Authorities in 11 countries warn residents and tourists to take precautions amid region’s most intense heatwave – nicknamed Lucifer – since 2003
Eleven southern and central European countries have issued extreme heat warnings amid a brutal heatwave nicknamed Lucifer, with residents and tourists urged to take precautions and scientists warning worse could be still to come.
Authorities in countries including Italy, Switzerland, Hungary, Poland, Romania, Bosnia, Croatia and Serbia are on red alert, the European forecasters’ network Meteoalarm said, and swaths of southern Spain and France are on amber.
As temperatures in many places hit or exceeded 40C (104F) in the region’s most sustained heatwave since 2003, emergency services are being put on standby and people have been asked to “remain vigilant”, stay indoors, avoid long journeys, drink enough fluids and listen for emergency advice from health officials.
At least two people have died from the heat, one in Romania and one in Poland, and many more taken to hospital suffering from sunstroke and other heat-related conditions. Italy said its hospitalisation rate was 15% above normal and asked people in affected regions only to travel if their journey was essential. Polish officials warned of possible infrastructure failures.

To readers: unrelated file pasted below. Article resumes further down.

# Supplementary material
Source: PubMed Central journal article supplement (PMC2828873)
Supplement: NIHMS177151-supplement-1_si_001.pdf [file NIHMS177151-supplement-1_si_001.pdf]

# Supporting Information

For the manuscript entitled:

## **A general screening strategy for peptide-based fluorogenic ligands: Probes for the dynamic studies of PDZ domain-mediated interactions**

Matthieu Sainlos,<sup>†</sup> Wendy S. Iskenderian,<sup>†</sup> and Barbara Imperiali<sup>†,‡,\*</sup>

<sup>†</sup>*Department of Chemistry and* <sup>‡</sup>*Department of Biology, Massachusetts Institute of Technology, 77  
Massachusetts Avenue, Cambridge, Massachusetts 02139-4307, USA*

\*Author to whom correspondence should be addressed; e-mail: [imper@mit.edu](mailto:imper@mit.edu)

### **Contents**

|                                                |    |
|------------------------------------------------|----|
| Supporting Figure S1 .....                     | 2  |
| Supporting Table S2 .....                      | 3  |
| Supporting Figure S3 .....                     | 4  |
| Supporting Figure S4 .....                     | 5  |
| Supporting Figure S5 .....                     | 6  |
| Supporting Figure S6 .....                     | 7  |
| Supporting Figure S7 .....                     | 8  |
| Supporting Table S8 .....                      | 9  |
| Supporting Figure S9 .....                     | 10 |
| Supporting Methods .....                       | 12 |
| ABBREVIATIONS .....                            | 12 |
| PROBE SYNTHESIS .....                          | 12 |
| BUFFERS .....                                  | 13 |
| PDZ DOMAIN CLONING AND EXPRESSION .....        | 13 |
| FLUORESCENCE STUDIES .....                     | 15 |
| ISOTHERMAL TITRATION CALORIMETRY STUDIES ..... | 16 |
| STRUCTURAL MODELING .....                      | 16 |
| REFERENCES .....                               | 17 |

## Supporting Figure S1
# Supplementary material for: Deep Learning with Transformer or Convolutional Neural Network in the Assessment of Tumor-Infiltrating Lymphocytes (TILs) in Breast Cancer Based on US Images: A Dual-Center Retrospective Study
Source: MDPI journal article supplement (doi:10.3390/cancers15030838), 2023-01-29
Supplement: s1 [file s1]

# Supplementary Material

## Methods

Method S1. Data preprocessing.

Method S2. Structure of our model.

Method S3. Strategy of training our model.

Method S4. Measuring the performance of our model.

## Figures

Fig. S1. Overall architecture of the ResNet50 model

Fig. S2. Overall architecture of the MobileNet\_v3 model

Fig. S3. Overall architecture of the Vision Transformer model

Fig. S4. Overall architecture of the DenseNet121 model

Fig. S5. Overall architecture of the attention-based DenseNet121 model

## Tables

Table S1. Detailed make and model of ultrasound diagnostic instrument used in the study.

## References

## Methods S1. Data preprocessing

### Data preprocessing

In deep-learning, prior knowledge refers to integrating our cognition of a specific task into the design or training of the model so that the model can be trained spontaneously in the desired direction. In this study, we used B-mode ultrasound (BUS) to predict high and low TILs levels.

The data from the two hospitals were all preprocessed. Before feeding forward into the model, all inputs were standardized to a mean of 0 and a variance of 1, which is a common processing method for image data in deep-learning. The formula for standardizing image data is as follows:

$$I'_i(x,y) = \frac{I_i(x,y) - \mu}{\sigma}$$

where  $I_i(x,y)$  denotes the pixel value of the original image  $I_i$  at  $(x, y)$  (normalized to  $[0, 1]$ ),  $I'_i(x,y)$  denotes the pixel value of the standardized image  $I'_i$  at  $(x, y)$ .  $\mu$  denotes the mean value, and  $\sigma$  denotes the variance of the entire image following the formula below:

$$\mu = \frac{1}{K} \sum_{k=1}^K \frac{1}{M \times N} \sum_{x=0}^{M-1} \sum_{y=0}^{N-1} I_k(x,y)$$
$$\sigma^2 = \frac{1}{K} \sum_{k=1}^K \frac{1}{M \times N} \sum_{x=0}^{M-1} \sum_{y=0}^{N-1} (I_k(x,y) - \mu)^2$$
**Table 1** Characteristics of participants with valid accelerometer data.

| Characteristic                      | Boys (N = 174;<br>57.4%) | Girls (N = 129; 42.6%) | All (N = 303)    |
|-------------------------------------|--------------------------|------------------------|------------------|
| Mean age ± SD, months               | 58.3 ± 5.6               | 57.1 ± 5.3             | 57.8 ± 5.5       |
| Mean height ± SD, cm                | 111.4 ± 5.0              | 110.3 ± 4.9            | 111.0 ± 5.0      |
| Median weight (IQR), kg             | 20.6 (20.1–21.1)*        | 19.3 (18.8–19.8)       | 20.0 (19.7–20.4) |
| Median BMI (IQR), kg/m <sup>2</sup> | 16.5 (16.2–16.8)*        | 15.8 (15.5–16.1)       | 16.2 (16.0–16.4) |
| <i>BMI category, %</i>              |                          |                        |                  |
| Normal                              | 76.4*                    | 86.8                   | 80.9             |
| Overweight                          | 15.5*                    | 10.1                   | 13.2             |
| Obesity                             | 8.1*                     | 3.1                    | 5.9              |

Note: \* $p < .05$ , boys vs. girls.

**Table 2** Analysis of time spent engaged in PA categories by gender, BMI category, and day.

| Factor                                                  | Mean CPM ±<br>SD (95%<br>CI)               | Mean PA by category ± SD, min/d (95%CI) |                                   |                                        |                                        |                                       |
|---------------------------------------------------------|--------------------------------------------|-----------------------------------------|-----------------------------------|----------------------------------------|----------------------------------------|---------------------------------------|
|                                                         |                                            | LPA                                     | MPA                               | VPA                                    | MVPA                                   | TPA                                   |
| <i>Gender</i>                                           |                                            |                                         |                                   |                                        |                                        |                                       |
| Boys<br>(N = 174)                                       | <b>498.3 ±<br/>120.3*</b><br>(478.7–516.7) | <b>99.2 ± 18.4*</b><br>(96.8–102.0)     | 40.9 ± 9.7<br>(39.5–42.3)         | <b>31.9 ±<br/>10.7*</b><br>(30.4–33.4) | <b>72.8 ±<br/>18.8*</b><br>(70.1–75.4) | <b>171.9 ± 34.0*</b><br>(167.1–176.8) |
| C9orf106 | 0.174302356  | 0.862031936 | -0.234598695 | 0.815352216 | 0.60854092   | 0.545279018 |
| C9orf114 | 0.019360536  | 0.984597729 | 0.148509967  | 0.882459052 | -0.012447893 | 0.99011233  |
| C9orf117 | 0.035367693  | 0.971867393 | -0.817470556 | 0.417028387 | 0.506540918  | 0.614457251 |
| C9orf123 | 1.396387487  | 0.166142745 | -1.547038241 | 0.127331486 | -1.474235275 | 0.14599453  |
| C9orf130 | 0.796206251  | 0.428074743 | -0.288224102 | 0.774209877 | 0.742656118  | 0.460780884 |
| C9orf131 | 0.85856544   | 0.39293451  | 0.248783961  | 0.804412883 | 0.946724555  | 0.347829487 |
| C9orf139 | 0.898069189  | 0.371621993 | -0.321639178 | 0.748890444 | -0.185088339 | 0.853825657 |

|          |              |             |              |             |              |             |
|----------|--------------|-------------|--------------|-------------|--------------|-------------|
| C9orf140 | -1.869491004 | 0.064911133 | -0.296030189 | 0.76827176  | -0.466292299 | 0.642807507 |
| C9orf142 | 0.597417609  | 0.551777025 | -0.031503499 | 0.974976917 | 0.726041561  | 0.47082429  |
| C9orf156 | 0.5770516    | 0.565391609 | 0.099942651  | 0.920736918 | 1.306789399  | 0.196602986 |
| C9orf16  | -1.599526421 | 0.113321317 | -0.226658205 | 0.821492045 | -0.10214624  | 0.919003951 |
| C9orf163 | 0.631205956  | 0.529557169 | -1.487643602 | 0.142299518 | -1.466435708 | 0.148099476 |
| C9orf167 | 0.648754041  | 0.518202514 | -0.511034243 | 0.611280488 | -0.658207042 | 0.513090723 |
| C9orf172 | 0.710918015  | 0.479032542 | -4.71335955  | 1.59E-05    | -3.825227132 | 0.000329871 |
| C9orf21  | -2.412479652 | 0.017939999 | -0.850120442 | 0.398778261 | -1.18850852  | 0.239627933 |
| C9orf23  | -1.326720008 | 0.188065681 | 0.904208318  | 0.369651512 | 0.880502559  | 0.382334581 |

A spokeswoman for Abta, the UK travel trade organisation, reinforced the advice for holidaymakers, saying they should take sensible precautions, keep hydrated by drinking plenty of water, stay out of the sun in the middle of the day, and follow any advice issued by health authorities in specific destinations.
The heatwave, now in its fourth day and expected to last until next Wednesday, follows an earlier spell of extreme temperatures last month that fuelled a spate of major wildfires, exacerbated droughts in Italy and Spain, and damaged crops.
The highest temperature on Thursday was 42C in Cordoba, Spain, and Catania, Italy. Split in Croatia also hit 42.3C on Wednesday. The spell is forecast to peak at the weekend with temperatures of 46C or higher in Italy and parts of the Balkans.
Authorities in Italy, which is suffering its worst drought in 60 years, have placed 26 cities on the maximum extreme heat alert, including Venice and Rome. Many of Rome’s fountains have been turned off, and last week the city only narrowly averted drastic water rationing.
In Florence, the Uffizi art gallery was temporarily closed on Friday when the air-conditioning system broke down. In Hungary, keepers at Budapest zoo cooled down two overheating polar bears with huge ice blocks.
Temperatures along parts of Croatia’s Adriatic coast, including Dubrovnik, were expected to hit 42C during the day. In the Serbian capital of Belgrade there were reports of people fainting from heat exhaustion.